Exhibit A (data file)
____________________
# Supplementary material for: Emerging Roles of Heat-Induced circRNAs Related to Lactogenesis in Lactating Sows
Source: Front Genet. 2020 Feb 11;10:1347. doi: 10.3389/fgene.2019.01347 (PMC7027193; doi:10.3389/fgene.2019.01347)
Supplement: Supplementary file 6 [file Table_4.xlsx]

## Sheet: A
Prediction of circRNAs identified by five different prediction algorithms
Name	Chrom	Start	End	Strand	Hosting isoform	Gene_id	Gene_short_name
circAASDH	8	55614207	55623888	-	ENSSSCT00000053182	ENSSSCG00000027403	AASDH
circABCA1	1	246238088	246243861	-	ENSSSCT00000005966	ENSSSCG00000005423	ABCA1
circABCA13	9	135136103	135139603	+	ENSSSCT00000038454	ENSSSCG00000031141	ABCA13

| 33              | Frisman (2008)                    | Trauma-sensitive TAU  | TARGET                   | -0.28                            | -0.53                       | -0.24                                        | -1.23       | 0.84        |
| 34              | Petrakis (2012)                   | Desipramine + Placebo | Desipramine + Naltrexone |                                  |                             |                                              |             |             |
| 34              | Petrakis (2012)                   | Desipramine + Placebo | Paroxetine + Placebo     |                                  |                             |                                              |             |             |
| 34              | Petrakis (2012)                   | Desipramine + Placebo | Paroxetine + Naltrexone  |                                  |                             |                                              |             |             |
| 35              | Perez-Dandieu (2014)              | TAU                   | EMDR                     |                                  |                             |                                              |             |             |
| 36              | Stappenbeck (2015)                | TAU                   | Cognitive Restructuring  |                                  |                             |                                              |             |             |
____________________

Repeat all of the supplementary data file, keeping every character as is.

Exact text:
# Supplementary material for: Emerging Roles of Heat-Induced circRNAs Related to Lactogenesis in Lactating Sows
Source: Front Genet. 2020 Feb 11;10:1347. doi: 10.3389/fgene.2019.01347 (PMC7027193; doi:10.3389/fgene.2019.01347)
Supplement: Supplementary file 6 [file Table_4.xlsx]

## Sheet: A
Prediction of circRNAs identified by five different prediction algorithms
Name	Chrom	Start	End	Strand	Hosting isoform	Gene_id	Gene_short_name
circAASDH	8	55614207	55623888	-	ENSSSCT00000053182	ENSSSCG00000027403	AASDH
circABCA1	1	246238088	246243861	-	ENSSSCT00000005966	ENSSSCG00000005423	ABCA1
circABCA13	9	135136103	135139603	+	ENSSSCT00000038454	ENSSSCG00000031141	ABCA13

| 33              | Frisman (2008)                    | Trauma-sensitive TAU  | TARGET                   | -0.28                            | -0.53                       | -0.24                                        | -1.23       | 0.84        |
| 34              | Petrakis (2012)                   | Desipramine + Placebo | Desipramine + Naltrexone |                                  |                             |                                              |             |             |
| 34              | Petrakis (2012)                   | Desipramine + Placebo | Paroxetine + Placebo     |                                  |                             |                                              |             |             |
| 34              | Petrakis (2012)                   | Desipramine + Placebo | Paroxetine + Naltrexone  |                                  |                             |                                              |             |             |
| 35              | Perez-Dandieu (2014)              | TAU                   | EMDR                     |                                  |                             |                                              |             |             |
| 36              | Stappenbeck (2015)                | TAU                   | Cognitive Restructuring  |                                  |                             |                                              |             |             |